Tuesday, April 30, 2013
Goodwin, C. (1994). Professional vision. American Anthropologist, 96, 606-633.
Central to the social and cognitive organization of a profession is its ability to shape events in the domain of its scrutiny into the phenomenal objects around which the discourse of the profession is organized: to find archaeologically relevant events such as post holes in the color stains visible in a patch of a dirt and map them or to locate legally consequential instances of aggression or cooperation in the visible movements of a man's body. This article has investigated three practices used to accomplish such professional vision - coding schemes, highlighting, and the production and articulation of graphic representations - in the work settings of two professions: an archaeological field excavation and a courtroom.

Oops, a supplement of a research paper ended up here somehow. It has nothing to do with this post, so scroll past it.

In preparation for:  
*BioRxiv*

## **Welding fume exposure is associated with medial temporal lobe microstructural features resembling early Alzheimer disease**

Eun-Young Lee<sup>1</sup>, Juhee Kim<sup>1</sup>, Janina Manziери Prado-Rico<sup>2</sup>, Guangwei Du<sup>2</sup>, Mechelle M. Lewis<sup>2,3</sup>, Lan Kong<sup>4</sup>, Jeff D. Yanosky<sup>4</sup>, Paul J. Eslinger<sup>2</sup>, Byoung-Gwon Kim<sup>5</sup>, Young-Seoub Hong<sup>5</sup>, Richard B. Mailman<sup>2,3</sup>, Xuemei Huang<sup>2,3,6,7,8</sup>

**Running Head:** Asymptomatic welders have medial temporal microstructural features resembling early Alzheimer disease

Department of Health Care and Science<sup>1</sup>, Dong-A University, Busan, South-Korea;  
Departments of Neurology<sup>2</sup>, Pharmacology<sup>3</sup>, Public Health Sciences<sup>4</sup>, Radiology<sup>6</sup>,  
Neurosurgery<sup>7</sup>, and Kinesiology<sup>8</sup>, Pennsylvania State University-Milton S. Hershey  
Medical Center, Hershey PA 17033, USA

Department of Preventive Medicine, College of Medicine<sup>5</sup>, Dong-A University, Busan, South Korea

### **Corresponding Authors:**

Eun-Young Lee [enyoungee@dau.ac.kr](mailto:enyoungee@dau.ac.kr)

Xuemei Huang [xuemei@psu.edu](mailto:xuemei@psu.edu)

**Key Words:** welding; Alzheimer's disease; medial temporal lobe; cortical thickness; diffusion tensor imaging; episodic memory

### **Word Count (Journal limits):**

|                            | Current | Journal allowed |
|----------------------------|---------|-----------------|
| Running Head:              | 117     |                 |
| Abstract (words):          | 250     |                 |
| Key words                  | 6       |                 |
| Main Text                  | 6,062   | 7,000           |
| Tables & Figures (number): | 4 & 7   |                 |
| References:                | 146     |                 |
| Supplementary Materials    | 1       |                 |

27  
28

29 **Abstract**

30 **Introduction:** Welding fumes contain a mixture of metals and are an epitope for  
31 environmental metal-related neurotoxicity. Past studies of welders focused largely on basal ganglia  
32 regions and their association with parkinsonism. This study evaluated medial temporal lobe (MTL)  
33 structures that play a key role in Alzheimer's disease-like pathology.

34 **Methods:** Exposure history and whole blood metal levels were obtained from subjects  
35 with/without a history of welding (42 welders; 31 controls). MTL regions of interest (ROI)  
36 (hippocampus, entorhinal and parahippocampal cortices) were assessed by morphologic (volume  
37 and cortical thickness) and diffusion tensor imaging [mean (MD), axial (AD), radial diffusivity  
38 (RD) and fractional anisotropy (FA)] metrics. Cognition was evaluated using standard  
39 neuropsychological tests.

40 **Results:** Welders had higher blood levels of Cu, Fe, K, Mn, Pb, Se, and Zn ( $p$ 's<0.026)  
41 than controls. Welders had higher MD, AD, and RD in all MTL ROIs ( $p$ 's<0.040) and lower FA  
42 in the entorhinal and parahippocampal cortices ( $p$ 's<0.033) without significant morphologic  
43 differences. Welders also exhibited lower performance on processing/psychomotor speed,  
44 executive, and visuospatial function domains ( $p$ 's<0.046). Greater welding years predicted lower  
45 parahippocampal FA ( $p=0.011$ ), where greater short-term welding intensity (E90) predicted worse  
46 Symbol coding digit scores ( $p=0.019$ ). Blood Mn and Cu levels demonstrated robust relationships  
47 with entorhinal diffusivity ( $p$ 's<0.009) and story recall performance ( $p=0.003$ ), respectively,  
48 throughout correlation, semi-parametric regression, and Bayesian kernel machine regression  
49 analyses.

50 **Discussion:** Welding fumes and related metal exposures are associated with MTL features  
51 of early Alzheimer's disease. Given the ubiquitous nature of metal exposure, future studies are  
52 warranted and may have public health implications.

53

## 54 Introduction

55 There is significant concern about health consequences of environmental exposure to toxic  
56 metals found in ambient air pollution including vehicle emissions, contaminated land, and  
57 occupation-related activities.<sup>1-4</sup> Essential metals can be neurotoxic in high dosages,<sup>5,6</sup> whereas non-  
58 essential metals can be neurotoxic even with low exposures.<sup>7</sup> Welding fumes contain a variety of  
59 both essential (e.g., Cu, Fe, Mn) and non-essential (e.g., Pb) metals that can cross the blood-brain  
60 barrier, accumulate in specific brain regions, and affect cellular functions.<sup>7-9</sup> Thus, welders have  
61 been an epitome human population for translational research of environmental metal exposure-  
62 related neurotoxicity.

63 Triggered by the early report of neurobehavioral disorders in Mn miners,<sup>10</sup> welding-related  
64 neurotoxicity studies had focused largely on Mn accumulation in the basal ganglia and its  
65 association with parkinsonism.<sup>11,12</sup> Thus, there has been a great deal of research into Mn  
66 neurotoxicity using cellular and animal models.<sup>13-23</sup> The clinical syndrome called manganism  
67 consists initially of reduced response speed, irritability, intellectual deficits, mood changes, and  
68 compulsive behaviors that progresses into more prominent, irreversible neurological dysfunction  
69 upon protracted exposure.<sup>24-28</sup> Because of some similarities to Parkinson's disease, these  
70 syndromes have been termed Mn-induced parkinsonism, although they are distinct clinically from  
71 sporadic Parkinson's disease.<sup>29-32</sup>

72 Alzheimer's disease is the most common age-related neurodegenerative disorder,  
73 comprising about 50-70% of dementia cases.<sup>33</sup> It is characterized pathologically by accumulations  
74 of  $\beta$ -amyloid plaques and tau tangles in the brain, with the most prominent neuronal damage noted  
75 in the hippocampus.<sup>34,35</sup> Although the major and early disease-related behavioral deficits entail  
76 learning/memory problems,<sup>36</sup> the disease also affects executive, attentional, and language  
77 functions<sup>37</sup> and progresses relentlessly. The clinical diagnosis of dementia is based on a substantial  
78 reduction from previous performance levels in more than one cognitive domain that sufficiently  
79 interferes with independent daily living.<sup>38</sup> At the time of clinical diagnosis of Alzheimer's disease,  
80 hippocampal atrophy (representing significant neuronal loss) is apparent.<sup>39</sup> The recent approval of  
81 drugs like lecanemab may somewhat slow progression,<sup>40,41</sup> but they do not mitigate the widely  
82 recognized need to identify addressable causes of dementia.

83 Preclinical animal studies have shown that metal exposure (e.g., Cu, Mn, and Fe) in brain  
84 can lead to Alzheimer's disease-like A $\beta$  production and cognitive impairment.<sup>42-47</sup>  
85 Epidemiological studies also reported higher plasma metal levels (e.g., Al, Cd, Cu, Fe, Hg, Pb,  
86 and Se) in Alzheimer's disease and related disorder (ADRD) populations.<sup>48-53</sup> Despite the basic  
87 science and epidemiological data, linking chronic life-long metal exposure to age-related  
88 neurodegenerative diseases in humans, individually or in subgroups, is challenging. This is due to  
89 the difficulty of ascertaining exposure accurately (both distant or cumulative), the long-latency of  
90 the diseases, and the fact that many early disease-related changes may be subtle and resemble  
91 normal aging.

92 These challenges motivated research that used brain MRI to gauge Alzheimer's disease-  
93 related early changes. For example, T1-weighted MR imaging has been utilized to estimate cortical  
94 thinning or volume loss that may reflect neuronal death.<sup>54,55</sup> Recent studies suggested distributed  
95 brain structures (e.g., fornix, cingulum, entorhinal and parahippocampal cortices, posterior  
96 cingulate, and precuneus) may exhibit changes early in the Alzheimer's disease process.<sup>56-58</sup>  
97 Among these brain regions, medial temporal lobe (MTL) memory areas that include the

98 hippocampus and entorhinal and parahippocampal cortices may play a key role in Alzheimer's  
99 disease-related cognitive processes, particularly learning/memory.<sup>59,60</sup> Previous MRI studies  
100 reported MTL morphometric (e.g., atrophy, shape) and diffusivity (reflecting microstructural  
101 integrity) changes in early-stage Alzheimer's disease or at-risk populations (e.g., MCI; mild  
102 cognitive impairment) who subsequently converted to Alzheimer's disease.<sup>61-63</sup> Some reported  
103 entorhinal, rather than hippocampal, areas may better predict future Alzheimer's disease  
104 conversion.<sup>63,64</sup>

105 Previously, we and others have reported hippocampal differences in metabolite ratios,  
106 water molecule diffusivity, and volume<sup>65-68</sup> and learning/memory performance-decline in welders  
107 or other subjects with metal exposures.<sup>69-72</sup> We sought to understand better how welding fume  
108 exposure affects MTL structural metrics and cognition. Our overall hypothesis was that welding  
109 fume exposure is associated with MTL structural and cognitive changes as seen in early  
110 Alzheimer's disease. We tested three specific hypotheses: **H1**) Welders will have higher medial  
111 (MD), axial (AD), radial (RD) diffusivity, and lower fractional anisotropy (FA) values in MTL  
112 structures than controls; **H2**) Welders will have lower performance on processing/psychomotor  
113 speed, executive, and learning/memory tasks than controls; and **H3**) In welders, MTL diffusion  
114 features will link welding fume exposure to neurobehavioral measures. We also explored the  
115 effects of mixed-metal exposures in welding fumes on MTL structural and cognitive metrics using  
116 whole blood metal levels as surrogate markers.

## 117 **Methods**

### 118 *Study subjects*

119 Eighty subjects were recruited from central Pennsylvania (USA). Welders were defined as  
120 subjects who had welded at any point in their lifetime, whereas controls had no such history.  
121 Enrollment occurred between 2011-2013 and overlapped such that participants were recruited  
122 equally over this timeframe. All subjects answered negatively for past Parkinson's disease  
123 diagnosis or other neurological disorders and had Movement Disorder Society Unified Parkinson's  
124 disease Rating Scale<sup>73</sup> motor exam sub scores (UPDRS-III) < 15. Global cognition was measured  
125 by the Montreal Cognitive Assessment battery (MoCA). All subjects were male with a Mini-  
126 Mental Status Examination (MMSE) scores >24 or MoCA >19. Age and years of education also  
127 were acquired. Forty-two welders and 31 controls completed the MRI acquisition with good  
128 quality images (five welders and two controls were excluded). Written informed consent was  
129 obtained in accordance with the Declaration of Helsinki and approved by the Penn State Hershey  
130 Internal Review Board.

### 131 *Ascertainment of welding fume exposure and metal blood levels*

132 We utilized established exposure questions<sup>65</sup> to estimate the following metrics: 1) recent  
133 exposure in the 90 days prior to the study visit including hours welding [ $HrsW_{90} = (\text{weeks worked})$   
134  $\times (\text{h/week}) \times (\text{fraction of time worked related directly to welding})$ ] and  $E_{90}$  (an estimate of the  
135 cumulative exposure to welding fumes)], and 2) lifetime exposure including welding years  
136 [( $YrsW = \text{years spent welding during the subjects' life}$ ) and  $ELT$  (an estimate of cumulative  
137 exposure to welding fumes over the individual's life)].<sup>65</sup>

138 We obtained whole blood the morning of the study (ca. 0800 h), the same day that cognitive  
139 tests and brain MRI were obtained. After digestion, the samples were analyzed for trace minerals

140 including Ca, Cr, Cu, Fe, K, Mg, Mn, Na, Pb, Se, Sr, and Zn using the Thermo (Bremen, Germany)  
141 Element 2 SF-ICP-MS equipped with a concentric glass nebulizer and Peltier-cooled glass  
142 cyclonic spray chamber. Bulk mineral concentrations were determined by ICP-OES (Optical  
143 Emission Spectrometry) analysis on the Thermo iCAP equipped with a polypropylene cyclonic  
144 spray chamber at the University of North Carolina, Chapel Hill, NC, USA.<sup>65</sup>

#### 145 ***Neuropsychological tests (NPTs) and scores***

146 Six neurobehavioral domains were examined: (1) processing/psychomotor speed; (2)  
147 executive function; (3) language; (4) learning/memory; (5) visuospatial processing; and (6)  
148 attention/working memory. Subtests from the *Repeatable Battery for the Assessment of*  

First, the power to authoritatively see and produce the range of phenomena that are consequential for the organization of a society is not homogeneously distributed. Different professions-medicine, law, the police, specific sciences such as archaeology-have the power to legitimately see, constitute, and articulate alternative kinds of events. Professional vision is perspectival, lodged within specific social entities, and unevenly allocated.
Second, such vision is not a purely mental process but instead is accomplished through the competent deployment of a complex of situated practices in a relevant setting.
Third, insofar as these practices are lodged within specific communities, they must be learned (Chaiklin and Lave 1993; Lave and Wenger 1991). Learning was a central activity in both of the settings examined in this article, but the organization of that learning was quite different in each.
Examples/Evidence from the Rodney King trial testimony and archaeologists howing measurement techniques